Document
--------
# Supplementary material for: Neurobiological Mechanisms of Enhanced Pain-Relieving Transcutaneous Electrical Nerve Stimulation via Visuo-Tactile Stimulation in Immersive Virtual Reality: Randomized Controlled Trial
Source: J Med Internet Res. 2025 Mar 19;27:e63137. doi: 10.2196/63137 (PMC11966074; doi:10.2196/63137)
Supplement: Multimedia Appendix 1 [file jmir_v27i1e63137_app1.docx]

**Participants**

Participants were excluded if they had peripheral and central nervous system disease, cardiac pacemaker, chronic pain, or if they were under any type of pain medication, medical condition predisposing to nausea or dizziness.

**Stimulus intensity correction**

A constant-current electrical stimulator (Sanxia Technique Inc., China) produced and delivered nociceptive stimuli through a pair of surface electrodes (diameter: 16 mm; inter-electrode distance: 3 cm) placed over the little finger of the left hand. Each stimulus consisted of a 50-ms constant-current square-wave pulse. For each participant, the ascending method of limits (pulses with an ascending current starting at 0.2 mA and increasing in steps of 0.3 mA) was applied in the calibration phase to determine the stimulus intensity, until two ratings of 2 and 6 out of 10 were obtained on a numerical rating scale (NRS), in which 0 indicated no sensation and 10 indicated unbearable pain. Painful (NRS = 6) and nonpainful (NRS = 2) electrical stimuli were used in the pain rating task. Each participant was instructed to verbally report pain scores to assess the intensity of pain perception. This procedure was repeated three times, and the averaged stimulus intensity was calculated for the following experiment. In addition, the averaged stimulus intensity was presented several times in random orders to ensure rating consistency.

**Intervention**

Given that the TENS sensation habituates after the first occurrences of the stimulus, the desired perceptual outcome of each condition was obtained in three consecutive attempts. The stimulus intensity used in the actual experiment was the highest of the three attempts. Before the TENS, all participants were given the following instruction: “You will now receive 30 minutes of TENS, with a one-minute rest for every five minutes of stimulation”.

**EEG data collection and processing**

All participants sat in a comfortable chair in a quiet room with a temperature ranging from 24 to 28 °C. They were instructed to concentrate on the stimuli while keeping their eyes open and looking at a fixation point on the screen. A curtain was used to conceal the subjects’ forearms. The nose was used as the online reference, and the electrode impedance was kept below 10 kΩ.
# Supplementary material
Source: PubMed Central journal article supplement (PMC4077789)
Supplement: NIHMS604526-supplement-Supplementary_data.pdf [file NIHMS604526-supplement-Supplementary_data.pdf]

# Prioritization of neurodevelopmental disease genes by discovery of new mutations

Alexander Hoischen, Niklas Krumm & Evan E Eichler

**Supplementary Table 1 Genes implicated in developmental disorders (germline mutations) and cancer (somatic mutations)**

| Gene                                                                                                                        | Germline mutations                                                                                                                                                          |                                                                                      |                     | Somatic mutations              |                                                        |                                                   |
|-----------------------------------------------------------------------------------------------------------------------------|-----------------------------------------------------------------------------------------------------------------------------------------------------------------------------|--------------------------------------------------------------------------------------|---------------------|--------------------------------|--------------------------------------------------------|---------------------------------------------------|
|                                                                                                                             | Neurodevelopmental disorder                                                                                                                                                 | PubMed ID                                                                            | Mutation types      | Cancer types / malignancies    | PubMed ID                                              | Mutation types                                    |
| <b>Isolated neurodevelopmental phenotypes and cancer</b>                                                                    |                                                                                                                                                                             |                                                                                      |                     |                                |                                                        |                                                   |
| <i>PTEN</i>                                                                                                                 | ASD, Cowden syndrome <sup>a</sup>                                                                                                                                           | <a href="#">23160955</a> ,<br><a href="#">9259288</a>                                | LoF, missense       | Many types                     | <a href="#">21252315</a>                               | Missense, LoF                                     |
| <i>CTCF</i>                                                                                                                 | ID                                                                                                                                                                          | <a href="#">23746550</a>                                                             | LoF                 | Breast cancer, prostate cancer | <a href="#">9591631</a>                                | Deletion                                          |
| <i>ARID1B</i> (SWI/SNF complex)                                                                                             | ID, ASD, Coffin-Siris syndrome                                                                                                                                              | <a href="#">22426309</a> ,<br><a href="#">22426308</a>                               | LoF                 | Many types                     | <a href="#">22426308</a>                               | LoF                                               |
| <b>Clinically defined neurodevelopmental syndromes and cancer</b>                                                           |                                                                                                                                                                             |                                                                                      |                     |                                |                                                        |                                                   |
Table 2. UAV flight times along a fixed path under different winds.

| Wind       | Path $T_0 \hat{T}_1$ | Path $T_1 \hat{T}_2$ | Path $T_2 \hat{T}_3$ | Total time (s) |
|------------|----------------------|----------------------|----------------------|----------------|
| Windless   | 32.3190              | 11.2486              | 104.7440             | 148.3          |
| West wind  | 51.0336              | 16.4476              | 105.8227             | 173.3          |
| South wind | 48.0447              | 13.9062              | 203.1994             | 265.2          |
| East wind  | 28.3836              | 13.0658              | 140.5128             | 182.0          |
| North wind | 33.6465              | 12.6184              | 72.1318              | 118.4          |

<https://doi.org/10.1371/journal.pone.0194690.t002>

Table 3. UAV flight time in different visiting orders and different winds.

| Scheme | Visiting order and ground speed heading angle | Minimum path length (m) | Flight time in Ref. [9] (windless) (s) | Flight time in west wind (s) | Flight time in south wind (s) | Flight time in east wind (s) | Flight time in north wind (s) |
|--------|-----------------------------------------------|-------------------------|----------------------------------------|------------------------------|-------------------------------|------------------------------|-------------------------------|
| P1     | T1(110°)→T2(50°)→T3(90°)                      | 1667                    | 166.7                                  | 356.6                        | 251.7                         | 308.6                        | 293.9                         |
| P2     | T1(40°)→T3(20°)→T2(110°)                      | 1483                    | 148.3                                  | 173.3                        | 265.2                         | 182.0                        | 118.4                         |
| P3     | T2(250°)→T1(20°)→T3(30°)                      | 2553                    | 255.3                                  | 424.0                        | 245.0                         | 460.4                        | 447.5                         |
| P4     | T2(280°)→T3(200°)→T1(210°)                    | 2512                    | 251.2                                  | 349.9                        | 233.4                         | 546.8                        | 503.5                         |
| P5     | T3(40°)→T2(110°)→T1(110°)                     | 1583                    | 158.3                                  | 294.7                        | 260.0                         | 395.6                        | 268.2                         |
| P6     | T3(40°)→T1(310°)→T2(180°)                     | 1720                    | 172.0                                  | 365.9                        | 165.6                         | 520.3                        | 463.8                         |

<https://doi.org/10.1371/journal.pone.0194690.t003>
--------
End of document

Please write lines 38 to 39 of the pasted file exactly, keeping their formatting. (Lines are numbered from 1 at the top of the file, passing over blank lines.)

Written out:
| P1     | T1(110°)→T2(50°)→T3(90°)                      | 1667                    | 166.7                                  | 356.6                        | 251.7                         | 308.6                        | 293.9                         |
| P2     | T1(40°)→T3(20°)→T2(110°)                      | 1483                    | 148.3                                  | 173.3                        | 265.2                         | 182.0                        | 118.4                         |